To decompress the .rar file use RAR File Open Knife 3.00 downloaded from

You could change the setup.exe filename to acorncamera.exe, make a shortcut and put the shortcut in your Start Programs by dragging the shortcut.

Download the latest manual  Ltl-6210M Manual(trigger time = 0.8 Sec).pdf from the same website USE THIS VERSION OF THE MANUAL.

SD/SDHC card: insert it in the camera and format it on the camera before first use (see instruction manual)

Batteries: Insert 4 , 8 or 12 batteries in the camera.

I use  branded rechargeable 2900 mAh AA batteries and their 8 battery recharger which automatically stops charging and can optionally discharge the batteries prior to charging (currently only a 4 battery version available from them). .

SIM card: Make sure that the SIM has the PIN disabled, use a phone to Disable Security on the SIM. Insert it in the camera.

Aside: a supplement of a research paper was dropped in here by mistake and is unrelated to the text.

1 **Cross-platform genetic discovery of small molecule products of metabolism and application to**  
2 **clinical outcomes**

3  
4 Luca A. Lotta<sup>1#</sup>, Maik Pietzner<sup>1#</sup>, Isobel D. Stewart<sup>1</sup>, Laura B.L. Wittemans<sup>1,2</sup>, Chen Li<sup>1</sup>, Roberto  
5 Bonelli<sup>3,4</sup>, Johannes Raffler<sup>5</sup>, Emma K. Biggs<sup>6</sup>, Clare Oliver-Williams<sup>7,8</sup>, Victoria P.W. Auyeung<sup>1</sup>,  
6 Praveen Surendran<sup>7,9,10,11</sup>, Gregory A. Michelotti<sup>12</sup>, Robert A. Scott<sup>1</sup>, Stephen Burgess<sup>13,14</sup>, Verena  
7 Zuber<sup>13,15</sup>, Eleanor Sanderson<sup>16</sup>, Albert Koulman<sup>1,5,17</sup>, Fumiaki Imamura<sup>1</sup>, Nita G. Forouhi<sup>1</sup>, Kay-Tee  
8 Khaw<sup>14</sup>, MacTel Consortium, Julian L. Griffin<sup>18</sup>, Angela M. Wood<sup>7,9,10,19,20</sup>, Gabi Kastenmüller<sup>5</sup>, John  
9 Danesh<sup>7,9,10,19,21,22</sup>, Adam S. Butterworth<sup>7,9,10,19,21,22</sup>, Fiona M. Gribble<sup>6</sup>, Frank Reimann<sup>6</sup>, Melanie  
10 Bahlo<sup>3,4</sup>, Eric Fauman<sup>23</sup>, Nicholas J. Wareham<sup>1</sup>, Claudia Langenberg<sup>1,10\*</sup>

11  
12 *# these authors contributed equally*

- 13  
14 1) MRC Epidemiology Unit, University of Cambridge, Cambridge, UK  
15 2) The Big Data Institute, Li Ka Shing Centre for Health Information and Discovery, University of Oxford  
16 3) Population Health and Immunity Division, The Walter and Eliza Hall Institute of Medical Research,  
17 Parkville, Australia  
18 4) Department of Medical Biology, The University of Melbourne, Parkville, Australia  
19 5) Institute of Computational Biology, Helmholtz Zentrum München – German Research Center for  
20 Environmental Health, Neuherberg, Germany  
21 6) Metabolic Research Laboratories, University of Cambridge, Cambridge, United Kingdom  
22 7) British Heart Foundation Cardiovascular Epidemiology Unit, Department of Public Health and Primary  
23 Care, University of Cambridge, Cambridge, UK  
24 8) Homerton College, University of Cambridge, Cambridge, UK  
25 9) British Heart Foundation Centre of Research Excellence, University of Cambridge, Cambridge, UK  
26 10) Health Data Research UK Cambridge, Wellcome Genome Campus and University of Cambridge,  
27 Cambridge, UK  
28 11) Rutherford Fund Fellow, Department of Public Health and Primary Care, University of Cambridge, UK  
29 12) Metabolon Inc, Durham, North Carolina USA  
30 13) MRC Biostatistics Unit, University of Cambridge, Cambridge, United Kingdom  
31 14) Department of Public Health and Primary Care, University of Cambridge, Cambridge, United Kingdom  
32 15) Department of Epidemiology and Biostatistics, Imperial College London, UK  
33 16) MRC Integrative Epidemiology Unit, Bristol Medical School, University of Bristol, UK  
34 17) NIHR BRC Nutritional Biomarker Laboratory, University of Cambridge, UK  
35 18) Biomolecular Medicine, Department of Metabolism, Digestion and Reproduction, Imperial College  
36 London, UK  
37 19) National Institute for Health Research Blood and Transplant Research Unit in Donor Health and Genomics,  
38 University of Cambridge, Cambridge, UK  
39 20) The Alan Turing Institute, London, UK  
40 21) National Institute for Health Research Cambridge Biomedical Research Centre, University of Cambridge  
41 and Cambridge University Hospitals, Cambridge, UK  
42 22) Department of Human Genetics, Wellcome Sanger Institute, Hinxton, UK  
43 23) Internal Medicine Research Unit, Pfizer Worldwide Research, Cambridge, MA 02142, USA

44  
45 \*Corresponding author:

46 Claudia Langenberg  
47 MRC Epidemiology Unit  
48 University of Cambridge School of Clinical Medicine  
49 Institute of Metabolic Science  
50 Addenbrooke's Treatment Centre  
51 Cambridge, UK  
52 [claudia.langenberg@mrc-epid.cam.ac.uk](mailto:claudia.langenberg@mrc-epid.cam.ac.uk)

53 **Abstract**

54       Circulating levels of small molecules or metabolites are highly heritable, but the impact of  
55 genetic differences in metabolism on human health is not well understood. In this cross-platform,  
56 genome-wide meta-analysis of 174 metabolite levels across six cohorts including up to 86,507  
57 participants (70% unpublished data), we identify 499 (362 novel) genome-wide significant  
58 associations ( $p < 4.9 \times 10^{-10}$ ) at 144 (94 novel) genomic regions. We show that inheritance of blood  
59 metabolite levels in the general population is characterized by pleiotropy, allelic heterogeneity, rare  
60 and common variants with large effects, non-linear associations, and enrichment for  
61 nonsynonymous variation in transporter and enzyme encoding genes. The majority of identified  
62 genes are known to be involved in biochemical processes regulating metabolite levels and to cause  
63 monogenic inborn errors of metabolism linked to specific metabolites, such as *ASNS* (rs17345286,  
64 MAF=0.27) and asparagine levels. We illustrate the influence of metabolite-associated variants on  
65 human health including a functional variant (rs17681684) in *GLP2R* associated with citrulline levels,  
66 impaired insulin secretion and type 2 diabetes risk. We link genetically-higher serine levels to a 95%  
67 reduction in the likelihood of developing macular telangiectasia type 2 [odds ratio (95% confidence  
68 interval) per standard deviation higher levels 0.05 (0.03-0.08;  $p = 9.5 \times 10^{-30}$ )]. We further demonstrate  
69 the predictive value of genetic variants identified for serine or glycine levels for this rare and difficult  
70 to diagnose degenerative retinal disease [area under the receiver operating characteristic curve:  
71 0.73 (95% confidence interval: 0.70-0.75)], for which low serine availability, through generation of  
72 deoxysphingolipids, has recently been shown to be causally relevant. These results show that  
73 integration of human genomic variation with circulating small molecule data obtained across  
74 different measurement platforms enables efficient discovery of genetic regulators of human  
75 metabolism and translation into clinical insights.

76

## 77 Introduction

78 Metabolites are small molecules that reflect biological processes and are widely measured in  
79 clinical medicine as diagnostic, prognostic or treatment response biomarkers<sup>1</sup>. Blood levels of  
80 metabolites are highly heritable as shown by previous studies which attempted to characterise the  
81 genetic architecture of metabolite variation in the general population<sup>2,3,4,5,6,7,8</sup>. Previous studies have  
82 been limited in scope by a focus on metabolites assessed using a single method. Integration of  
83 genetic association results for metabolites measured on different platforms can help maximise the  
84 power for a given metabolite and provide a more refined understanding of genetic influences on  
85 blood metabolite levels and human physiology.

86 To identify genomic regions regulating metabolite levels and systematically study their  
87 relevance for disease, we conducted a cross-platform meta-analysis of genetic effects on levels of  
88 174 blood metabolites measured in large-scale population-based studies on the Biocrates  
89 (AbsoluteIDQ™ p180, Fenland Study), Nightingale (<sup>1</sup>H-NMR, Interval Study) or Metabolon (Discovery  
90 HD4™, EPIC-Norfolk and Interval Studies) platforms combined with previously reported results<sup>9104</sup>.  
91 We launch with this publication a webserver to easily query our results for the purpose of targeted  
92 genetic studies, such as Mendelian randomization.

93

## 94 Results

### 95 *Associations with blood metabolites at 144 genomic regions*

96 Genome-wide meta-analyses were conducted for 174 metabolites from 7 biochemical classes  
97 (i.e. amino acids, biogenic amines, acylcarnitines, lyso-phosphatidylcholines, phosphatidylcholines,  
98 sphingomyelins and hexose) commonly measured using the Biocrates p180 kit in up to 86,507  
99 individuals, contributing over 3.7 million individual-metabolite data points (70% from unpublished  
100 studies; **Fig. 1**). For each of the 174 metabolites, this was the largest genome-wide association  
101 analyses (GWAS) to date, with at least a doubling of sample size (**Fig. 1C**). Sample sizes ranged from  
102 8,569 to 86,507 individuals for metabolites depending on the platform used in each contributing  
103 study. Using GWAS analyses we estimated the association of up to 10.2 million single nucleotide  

Connect the camera to a PC using a USB cable.

Load the program and you see this screen

Select the appropriate Select Language option and set the Camera Model to “Ltl 6210MG”.

You may need to switch MMS off if you have previously used it. To do this click on the MMS Setup box
and set MMS Status to Off; go to the bottom box and enter the drive number of the camera e.g. E:\ ; then click on Generate. The USB cable must be connected to the camera and the SD inserted. The program then writes a file to the SD card. Then click on Exit.

Click on the SMTP Setup box and fill in the parameters. The example shown below is for an Orange data SIM and Plusnet’s SMTP server (Plusnet is my ISP).

SMTP Mode is set to Manual.

The drop down at the top right of the SMTP setup screen is mislabelled as "MMS Mode", it should be "SMTP Status" and needs to be set to VGA for the SMTP email to work.

Set the SMTP Mode to "Manual" and the APN to "orangeinternet" (all lower case, without the quotes), the account and password were left blank.